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Katie Rainey

Katie Rainey, STAFF

We are the Ultimate! We are the Ultimate! And We're Ro... Ro... Rockin's It!"

-Jashua & Adia's Closing Ritual at PS 676 in Red Hook

Since December I have been interning at PS676 in Red Hook, Brooklyn. I have been observing Teaching Artists Jashua Sa-Ra and Adia Whitaker teach dance and poetry to second and third grade students. This has been a very valuable experience for me for several reasons. I have learned the following lessons below based on my weekly observation.

Working with other Teaching Artists

During my first day interning, I immediately notice how Jashua and Adia work together. At different points in the lesson, each Teaching Artist has the chance to lead and assist. Because they work like this, I believe the class runs very smoothly and helps the students learn better. I love being exposed to this as an example of how to work with others because there is a nice balance between Jashua and Adia where each person plays an important part in conveying the lesson.

Creative Opening and Closing Rituals and Class Management Tools

In Jashua and Adia's class the opening ritual is Little Sally/Jackie Walker. I observed that this opening ritual provides community building because everyone in the classroom sings the song. It provides routine because Jashua and Adia lead the opening ritual at the start of each class. Little Sally/Jackie Walker also provide a way for student's to take a creative risk and improv a movement in front of everyone (the class copies their movements). There is so much growth already happening during the opening ritual.

The closing ritual is a call-and-response that Jashua leads. I noticed how animated he is in delivering the ritual, which reminds me how much energy can impact a class. Great energy all the way to the end of class can make a big difference. Many times Jashua calls on one of the students to do the closing ritual. I feel like this also fosters creative risk taking, which helps the student get comfortable and confident in using their voices.

As far as class management, I really like how Adia creatively incorporates using the body and voice as a way to gain back student's attention. Usually in some classes I work in, I use clapping to gain the student's attention. But, what I have observed about Adia's call and response is that it is much more engaging.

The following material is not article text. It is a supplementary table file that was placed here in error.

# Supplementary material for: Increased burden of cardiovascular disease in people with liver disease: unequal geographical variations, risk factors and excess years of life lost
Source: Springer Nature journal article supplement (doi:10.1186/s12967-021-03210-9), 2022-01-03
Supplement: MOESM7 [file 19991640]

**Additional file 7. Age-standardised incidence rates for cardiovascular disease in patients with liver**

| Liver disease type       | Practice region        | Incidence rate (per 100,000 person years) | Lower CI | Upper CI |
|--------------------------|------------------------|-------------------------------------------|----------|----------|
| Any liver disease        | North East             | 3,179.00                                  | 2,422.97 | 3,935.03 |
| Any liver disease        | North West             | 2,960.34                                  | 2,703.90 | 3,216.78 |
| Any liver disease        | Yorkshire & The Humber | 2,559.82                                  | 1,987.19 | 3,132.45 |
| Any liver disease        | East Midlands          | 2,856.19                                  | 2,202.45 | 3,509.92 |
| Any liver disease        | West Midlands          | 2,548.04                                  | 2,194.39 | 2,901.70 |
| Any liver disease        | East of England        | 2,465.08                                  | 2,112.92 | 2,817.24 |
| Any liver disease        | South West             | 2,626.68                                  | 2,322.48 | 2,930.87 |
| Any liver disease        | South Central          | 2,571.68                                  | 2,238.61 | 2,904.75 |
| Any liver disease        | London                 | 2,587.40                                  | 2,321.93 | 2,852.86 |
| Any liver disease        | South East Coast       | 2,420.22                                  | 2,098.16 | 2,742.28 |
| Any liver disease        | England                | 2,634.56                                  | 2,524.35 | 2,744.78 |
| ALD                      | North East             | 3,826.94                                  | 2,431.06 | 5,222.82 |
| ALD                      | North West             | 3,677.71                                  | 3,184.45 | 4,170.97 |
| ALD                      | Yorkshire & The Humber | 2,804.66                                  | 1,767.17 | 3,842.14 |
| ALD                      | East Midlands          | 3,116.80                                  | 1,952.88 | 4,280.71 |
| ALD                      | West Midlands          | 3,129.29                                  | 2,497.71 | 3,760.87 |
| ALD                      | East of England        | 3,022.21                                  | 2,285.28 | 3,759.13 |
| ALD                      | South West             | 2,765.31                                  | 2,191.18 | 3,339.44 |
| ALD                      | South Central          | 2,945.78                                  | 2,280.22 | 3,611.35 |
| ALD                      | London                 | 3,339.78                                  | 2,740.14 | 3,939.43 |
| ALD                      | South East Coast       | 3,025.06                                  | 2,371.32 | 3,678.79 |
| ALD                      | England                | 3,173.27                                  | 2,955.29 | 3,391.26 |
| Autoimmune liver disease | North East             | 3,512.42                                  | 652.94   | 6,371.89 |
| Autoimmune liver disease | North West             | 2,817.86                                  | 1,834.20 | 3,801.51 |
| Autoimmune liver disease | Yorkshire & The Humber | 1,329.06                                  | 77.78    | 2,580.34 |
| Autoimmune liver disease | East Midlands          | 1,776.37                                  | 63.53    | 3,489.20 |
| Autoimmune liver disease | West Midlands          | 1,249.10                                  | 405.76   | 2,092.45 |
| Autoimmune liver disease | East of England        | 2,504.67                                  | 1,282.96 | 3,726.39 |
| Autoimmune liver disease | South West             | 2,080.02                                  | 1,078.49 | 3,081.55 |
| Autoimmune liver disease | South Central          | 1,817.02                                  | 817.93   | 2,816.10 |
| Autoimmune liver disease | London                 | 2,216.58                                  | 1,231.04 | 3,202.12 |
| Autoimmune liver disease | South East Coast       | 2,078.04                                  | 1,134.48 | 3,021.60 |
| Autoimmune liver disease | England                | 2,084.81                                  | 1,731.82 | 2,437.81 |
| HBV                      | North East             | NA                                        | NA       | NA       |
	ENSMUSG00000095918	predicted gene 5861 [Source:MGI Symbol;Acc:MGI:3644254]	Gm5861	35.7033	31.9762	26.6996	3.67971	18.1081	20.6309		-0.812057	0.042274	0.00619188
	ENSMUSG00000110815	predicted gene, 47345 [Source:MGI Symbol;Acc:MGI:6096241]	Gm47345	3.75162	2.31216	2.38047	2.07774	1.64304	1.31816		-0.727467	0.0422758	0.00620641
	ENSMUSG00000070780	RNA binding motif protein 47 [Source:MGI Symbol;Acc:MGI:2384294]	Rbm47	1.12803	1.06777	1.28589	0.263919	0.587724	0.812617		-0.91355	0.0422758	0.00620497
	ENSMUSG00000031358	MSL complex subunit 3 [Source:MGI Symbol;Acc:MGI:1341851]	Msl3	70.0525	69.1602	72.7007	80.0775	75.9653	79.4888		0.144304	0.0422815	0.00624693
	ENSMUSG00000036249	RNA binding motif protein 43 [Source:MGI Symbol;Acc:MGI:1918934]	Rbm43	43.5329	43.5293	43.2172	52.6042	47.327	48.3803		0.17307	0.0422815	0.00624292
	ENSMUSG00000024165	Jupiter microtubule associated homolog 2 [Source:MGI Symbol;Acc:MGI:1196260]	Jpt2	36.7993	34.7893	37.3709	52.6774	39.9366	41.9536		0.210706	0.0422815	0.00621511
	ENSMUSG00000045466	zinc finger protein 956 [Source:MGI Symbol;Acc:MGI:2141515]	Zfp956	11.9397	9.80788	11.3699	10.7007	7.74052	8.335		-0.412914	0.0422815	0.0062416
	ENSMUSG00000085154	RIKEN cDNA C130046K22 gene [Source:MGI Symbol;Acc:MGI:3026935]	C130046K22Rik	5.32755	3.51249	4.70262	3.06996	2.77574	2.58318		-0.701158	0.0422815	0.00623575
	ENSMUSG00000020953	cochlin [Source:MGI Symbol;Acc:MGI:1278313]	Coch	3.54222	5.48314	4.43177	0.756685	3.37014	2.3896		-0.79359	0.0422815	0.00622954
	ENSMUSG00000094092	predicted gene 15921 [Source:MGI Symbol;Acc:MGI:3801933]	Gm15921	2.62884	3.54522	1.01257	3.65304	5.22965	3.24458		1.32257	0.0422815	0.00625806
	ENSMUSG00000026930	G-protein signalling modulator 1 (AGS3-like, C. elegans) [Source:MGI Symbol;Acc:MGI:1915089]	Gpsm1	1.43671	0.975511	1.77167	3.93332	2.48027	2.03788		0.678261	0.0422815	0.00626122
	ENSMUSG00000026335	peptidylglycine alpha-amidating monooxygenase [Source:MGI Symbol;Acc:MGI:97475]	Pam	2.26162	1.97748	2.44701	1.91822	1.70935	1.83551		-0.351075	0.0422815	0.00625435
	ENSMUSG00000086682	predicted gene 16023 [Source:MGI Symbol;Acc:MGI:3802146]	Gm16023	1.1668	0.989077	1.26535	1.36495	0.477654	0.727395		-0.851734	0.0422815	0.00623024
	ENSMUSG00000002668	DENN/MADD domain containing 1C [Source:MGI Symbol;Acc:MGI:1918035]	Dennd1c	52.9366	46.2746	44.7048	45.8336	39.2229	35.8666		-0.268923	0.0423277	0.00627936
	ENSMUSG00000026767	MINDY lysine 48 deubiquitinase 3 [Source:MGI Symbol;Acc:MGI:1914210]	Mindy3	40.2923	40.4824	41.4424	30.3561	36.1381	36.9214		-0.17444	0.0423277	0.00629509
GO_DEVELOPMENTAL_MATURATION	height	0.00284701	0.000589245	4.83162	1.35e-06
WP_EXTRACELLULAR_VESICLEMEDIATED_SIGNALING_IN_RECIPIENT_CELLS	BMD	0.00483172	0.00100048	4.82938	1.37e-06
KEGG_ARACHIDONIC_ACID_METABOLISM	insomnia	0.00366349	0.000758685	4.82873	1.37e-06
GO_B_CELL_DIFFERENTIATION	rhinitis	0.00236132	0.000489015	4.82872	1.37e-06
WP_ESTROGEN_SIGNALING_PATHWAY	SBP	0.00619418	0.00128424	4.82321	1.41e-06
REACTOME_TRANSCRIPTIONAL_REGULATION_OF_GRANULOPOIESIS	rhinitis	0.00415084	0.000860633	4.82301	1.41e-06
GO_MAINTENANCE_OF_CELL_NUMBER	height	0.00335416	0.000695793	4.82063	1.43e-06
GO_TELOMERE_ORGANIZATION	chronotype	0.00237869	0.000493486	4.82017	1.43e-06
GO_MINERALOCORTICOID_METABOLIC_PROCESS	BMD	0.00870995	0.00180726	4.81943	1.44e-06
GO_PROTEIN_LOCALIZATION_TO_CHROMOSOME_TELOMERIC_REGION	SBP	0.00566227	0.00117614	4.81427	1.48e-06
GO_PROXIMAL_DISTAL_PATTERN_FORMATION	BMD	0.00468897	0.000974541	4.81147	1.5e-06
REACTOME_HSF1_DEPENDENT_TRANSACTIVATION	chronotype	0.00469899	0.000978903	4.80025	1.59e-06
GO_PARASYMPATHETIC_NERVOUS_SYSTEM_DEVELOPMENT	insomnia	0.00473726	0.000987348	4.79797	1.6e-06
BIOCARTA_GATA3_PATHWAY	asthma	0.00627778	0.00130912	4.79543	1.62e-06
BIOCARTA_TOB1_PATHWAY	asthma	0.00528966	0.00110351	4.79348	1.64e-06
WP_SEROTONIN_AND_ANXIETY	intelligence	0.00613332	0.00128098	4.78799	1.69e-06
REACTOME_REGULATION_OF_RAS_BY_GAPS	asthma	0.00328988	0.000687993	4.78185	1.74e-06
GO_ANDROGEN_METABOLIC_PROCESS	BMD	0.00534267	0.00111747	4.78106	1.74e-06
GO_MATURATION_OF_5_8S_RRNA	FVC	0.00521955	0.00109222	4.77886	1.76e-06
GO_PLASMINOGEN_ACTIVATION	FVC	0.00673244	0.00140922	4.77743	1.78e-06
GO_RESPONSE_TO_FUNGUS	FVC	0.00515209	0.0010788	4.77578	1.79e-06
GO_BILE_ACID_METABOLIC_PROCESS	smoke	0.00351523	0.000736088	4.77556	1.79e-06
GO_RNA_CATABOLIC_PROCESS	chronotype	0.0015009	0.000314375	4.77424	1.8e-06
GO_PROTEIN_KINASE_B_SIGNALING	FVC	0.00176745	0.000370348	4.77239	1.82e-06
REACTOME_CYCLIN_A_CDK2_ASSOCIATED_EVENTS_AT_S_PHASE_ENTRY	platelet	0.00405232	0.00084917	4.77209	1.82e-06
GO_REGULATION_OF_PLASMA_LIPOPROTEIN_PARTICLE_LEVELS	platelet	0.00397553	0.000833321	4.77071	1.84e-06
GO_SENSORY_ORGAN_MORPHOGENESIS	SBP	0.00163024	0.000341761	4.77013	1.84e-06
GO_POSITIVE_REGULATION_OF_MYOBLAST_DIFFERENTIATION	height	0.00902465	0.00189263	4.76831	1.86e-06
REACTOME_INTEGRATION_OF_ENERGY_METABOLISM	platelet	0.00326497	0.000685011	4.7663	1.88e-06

Putting Movements to Words

The two biggest lessons I have learned so far when it comes to teaching dance to primary school aged children is to break it down and also associate a movement with a word when teaching poetry or any dance with lyrics. Looking back, I'm not sure why this didn't dawn on me but I'm glad I've had this internship experience and other experiences because I understand that putting movements alongside words makes it easier to teach a dance.

One lesson that really helped me understand how to teach dance and poetry is when students were separated into four groups and each group was given a season; winter, spring, summer and fall. In groups, the students had to come up with four words that described the group's season. I worked with Fall and some of the students came up with "Halloween", "Leaves", "Costume" and "Orange". Afterward, they created a movement for each word. Adia practiced with each group, having them read their poems while doing the movements at the same time. After a few more times practicing, the students stood in front of the class and performed their poems.

I can't say enough about having the opportunity to intern. Although I only wrote about a few lessons I have learned, I have gained so much insight into teaching effectively. 

-Simone Johnson, Dancer, TATIP Trainee

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